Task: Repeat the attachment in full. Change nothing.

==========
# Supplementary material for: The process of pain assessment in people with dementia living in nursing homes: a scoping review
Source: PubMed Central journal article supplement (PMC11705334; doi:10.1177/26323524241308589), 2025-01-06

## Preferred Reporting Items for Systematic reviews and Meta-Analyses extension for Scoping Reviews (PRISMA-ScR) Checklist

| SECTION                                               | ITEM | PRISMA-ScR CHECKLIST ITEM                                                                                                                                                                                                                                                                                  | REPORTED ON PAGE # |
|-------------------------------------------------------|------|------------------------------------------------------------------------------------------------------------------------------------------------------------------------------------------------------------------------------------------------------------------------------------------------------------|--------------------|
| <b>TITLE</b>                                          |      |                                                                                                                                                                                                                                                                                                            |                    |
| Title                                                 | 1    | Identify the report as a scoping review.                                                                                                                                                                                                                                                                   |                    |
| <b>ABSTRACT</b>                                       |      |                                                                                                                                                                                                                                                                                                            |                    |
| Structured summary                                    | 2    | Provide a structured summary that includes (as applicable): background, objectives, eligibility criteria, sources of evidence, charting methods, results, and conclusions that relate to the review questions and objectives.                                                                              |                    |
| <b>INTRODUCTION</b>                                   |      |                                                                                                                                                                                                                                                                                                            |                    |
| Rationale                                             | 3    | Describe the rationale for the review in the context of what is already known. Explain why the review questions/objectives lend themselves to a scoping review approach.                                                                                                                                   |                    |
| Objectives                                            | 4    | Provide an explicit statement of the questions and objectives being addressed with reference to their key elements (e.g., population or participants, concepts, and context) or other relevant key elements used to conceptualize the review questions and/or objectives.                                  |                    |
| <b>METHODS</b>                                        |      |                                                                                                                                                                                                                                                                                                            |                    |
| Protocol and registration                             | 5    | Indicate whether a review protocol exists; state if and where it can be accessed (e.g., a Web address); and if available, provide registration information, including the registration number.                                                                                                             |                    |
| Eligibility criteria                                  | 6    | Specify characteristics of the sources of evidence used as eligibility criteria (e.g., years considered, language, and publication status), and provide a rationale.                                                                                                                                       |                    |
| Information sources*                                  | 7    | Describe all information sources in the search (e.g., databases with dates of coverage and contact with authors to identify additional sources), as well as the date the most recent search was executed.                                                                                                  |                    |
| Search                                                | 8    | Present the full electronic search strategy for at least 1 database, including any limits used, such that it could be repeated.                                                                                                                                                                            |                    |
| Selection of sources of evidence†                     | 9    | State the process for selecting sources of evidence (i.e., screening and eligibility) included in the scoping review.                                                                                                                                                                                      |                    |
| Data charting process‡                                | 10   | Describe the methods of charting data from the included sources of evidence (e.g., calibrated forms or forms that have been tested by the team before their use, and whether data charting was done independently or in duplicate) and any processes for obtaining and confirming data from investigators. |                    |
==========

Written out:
# Supplementary material for: The process of pain assessment in people with dementia living in nursing homes: a scoping review
Source: PubMed Central journal article supplement (PMC11705334; doi:10.1177/26323524241308589), 2025-01-06

## Preferred Reporting Items for Systematic reviews and Meta-Analyses extension for Scoping Reviews (PRISMA-ScR) Checklist

| SECTION                                               | ITEM | PRISMA-ScR CHECKLIST ITEM                                                                                                                                                                                                                                                                                  | REPORTED ON PAGE # |
|-------------------------------------------------------|------|------------------------------------------------------------------------------------------------------------------------------------------------------------------------------------------------------------------------------------------------------------------------------------------------------------|--------------------|
| <b>TITLE</b>                                          |      |                                                                                                                                                                                                                                                                                                            |                    |
| Title                                                 | 1    | Identify the report as a scoping review.                                                                                                                                                                                                                                                                   |                    |
| <b>ABSTRACT</b>                                       |      |                                                                                                                                                                                                                                                                                                            |                    |
| Structured summary                                    | 2    | Provide a structured summary that includes (as applicable): background, objectives, eligibility criteria, sources of evidence, charting methods, results, and conclusions that relate to the review questions and objectives.                                                                              |                    |
| <b>INTRODUCTION</b>                                   |      |                                                                                                                                                                                                                                                                                                            |                    |
| Rationale                                             | 3    | Describe the rationale for the review in the context of what is already known. Explain why the review questions/objectives lend themselves to a scoping review approach.                                                                                                                                   |                    |
| Objectives                                            | 4    | Provide an explicit statement of the questions and objectives being addressed with reference to their key elements (e.g., population or participants, concepts, and context) or other relevant key elements used to conceptualize the review questions and/or objectives.                                  |                    |
| <b>METHODS</b>                                        |      |                                                                                                                                                                                                                                                                                                            |                    |
| Protocol and registration                             | 5    | Indicate whether a review protocol exists; state if and where it can be accessed (e.g., a Web address); and if available, provide registration information, including the registration number.                                                                                                             |                    |
| Eligibility criteria                                  | 6    | Specify characteristics of the sources of evidence used as eligibility criteria (e.g., years considered, language, and publication status), and provide a rationale.                                                                                                                                       |                    |
| Information sources*                                  | 7    | Describe all information sources in the search (e.g., databases with dates of coverage and contact with authors to identify additional sources), as well as the date the most recent search was executed.                                                                                                  |                    |
| Search                                                | 8    | Present the full electronic search strategy for at least 1 database, including any limits used, such that it could be repeated.                                                                                                                                                                            |                    |
| Selection of sources of evidence†                     | 9    | State the process for selecting sources of evidence (i.e., screening and eligibility) included in the scoping review.                                                                                                                                                                                      |                    |
| Data charting process‡                                | 10   | Describe the methods of charting data from the included sources of evidence (e.g., calibrated forms or forms that have been tested by the team before their use, and whether data charting was done independently or in duplicate) and any processes for obtaining and confirming data from investigators. |                    |